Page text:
People living with lung cancer may also be diagnosed with cardiovascular disease (CVD). It’s a common lung cancer comorbidity, or a condition that occurs at the same time as lung cancer. Being diagnosed with CVD can impact treatment options and prognosis for those living with lung cancer.
CVD refers to a group of diseases that affect the function of the heart and blood vessels. There are many different types of CVD.
Coronary artery disease, also called coronary heart disease, results from the buildup of plaque in the arteries of the heart. Coronary artery disease impacts blood flow.
This condition also arises due to plaque buildup in the arteries. In contrast with coronary artery disease, peripheral artery disease can cause blockages in the blood vessels in the limbs.
While most forms of CVD arise later in life, congenital heart disease is a condition that is present at birth.
The pericardium is the layer that covers the heart. Some autoimmune disorders and certain types of cancer cause that layer to become inflamed, leading to pericardial disease.
This condition is a disease of the heart muscle itself. It can be hereditary, and it can also be caused by injury to the muscle.
Also called heart palpitations, arrhythmias are abnormal or irregular heartbeats. The condition is caused by an issue with the mechanism that allows the heart to pump blood.
A healthy heart functions by alternating between pumping and relaxing. Heart failure occurs when the pumping mechanisms are disrupted, leading to pain and shortness of breath.
The heart valves are structures that permit blood flow across the chambers of the heart. Heart valve defects can cause problems by inhibiting blood flow through the valves.
Cerebrovascular disease impacts the blood vessels that deliver oxygen to the brain.
A heart attack, or myocardial infarction, is a serious medical event that can occur as a result of CVD. When a blockage is severe, it can completely prevent blood flow through the arteries of the heart, resulting in a heart attack.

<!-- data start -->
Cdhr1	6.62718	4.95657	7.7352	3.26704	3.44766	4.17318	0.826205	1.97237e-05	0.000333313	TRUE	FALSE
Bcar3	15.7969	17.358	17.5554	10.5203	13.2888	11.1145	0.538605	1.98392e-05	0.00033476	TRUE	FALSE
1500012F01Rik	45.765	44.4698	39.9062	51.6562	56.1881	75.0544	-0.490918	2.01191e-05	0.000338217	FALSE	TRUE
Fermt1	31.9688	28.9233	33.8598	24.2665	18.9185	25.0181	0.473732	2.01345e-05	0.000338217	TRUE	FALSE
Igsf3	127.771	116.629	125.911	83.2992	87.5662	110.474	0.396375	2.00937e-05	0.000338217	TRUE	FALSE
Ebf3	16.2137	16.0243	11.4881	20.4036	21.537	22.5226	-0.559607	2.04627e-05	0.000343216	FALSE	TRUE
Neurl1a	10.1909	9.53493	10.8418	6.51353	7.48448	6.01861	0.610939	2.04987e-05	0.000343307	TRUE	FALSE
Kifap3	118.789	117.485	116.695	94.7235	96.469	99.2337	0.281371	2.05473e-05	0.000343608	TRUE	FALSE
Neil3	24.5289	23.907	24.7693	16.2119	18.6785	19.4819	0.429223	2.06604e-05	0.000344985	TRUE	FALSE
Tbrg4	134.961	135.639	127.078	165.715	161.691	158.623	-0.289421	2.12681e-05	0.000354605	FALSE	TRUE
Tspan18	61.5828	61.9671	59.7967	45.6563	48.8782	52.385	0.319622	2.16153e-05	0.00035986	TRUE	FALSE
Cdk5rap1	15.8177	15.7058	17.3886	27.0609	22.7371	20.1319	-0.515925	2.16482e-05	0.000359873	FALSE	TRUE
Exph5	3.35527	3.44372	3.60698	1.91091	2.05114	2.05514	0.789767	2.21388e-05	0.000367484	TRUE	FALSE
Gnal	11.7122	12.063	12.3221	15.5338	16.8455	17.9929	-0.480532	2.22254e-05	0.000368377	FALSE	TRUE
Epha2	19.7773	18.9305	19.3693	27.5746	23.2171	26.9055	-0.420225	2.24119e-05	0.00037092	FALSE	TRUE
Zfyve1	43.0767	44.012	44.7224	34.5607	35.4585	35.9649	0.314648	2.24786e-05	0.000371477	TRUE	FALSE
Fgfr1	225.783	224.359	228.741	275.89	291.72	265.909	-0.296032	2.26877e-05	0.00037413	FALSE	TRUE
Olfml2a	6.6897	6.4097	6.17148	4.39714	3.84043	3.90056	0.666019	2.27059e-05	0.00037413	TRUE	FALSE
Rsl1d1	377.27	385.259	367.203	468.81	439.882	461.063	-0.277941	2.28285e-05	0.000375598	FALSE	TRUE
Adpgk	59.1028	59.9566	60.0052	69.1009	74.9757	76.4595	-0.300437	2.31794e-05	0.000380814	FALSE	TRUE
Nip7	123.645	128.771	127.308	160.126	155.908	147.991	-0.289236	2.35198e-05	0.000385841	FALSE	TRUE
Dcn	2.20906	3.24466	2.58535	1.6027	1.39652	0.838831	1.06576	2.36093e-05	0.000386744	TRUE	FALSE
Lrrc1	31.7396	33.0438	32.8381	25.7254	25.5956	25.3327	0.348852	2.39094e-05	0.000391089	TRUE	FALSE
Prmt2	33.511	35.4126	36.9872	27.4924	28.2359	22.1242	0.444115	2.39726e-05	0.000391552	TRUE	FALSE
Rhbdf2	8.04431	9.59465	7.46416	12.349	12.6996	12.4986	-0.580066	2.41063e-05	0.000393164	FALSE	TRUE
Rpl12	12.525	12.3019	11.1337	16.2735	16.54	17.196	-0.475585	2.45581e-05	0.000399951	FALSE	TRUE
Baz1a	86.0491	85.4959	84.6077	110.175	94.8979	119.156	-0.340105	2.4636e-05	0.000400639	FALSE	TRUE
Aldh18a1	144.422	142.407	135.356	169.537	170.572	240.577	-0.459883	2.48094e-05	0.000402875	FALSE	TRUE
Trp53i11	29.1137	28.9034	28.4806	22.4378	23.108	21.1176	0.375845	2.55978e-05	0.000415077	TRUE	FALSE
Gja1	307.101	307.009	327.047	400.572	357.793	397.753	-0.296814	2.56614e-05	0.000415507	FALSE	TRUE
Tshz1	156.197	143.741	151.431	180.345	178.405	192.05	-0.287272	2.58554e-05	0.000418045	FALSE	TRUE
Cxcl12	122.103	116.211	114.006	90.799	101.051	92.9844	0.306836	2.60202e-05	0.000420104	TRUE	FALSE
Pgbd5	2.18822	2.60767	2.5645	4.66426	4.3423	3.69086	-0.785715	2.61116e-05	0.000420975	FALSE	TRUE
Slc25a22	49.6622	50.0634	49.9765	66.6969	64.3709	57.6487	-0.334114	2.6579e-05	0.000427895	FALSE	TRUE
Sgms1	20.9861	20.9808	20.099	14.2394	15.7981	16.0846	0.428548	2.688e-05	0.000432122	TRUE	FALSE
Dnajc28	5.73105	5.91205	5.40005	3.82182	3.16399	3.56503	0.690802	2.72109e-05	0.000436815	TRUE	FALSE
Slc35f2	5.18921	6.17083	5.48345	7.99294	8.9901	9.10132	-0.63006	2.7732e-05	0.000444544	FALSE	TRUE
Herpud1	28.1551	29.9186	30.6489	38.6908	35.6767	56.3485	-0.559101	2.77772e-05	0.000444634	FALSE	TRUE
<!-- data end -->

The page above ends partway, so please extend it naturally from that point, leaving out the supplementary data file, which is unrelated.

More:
A stroke, another serious consequence of CVD, occurs when a blood vessel in the brain bursts, is closed by a clot, or has a blockage. Blood and oxygen cannot reach the brain, causing the brain tissue to die.
CVD is fairly prevalent, affecting about 12 percent of adults overall. While congenital heart disease is present at birth, other forms of CVD are associated with the following risk factors:
The incidence of CVD is higher among people with lung cancer relative to the general population. CVD is observed in about 23 percent of people with non-small cell lung cancer (the most common form of lung cancer). This is partly due to age, as lung cancer is more commonly diagnosed in adults over 65. This population is more likely to have CVD or risk factors for CVD than younger people.
Studies have shown that people with lung cancer are at an increased risk for developing CVD. In many cases, however, CVD is already present at the time of cancer diagnosis. This occurs in part because the risk for both CVD and lung cancer increases with age, so it’s common to find them together. In addition, smoking, which is the primary risk factor for developing lung cancer, is also associated with CVD.
People with CVD are often excluded from clinical trials for cancer therapies; complications of CVD may make it more difficult to properly evaluate the side effects and efficacy of the treatment.
Due to lack of safety data in people with CVD, lung cancer treatments are prescribed at the discretion of the clinician. People with CVD are most commonly treated using chemotherapy and radiation therapy.
CVD has been associated with a negative impact on survival of people with lung cancer. In particular, people with early stage disease have decreased overall survival when CVD is present compared to people without CVD. Decreased survival was observed for people diagnosed with CVD before cancer diagnosis, as well as people with CVD diagnosed during a follow-up visit after cancer treatment.
Living with lung cancer and a comorbid condition is challenging, but there are strategies to manage CVD. Consider adopting healthy habits to manage symptoms of CVD — or to prevent developing CVD if you haven’t been diagnosed.
If you have been diagnosed with CVD, talk with your cardiologist and cancer care team about ways to maximize your treatment options for lung cancer.
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